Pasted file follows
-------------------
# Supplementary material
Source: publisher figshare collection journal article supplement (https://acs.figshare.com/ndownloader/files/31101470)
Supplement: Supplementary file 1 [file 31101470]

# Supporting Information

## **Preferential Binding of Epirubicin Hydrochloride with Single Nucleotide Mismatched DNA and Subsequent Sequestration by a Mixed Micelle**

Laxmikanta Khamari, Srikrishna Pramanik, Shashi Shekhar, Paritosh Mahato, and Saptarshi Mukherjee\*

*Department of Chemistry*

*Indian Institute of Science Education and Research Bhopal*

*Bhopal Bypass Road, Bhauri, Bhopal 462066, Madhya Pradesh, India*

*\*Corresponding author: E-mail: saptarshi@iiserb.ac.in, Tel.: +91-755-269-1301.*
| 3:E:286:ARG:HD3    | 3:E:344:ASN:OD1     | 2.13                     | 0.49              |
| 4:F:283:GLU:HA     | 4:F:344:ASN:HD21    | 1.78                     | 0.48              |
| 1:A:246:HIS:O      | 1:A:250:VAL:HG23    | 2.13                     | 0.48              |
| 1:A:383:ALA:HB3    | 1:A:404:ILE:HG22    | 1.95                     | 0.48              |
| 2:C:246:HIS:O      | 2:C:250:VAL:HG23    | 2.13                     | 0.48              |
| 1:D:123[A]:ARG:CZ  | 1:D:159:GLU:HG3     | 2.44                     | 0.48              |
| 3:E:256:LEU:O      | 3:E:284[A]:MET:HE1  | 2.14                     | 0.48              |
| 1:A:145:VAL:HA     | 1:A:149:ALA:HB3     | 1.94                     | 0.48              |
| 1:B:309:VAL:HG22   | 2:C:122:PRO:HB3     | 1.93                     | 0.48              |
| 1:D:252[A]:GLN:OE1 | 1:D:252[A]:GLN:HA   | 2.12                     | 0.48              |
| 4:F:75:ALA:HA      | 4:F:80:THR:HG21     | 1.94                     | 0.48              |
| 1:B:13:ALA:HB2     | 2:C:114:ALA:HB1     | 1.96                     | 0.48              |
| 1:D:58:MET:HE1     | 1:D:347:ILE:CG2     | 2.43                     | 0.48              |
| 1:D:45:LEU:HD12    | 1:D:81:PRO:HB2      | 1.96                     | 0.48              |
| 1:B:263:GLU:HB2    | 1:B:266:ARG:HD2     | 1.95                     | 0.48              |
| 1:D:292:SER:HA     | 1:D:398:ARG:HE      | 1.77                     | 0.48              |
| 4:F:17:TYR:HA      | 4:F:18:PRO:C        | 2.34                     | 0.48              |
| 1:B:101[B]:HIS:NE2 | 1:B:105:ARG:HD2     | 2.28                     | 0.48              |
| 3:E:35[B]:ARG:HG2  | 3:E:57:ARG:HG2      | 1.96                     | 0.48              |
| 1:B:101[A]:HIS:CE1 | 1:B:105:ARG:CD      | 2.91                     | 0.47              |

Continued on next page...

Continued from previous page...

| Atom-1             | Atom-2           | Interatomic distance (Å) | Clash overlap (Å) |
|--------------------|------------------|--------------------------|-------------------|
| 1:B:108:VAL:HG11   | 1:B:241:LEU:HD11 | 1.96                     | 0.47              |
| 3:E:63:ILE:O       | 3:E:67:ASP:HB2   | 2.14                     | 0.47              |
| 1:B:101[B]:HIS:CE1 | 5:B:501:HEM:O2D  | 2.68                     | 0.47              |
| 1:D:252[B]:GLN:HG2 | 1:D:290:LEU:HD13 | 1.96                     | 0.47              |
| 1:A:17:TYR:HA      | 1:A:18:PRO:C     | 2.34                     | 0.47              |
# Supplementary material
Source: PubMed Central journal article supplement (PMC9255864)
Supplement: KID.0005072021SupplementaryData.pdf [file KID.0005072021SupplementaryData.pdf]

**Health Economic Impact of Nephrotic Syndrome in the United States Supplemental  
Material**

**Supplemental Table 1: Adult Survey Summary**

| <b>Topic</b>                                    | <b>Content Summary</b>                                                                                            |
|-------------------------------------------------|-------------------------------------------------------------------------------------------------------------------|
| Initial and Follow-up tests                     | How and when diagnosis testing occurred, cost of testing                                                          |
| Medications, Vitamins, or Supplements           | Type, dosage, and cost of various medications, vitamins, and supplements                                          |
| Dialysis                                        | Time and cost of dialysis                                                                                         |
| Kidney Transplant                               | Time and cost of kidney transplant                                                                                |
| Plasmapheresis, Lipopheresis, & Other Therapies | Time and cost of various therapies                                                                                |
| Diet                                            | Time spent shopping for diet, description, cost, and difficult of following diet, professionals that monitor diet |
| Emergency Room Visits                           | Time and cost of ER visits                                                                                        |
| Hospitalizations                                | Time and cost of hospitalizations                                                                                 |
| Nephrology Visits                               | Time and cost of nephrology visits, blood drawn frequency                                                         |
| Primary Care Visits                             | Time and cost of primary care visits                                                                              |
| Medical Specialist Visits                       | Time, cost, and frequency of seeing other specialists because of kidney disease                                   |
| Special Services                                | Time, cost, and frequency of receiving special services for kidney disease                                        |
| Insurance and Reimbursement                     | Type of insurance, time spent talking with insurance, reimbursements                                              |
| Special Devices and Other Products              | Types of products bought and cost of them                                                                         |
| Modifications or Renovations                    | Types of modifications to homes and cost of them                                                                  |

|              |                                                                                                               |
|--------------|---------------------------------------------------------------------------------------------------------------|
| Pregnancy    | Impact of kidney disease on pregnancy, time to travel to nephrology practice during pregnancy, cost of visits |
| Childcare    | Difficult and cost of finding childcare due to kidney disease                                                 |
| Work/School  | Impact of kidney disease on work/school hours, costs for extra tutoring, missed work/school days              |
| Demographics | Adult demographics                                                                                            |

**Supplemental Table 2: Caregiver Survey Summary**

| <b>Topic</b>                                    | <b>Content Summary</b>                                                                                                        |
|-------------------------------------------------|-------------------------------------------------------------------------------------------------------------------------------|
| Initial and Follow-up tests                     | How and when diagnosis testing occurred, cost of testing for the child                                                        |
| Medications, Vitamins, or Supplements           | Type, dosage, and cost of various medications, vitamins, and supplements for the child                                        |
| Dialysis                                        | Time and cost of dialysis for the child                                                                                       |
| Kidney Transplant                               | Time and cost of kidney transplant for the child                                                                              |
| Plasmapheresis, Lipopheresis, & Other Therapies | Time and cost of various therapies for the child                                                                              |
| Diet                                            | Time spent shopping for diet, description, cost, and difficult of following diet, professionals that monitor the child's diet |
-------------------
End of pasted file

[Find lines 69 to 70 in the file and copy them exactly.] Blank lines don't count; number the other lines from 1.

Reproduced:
**Supplemental Table 2: Caregiver Survey Summary**

| <b>Topic</b>                                    | <b>Content Summary</b>                                                                                                        |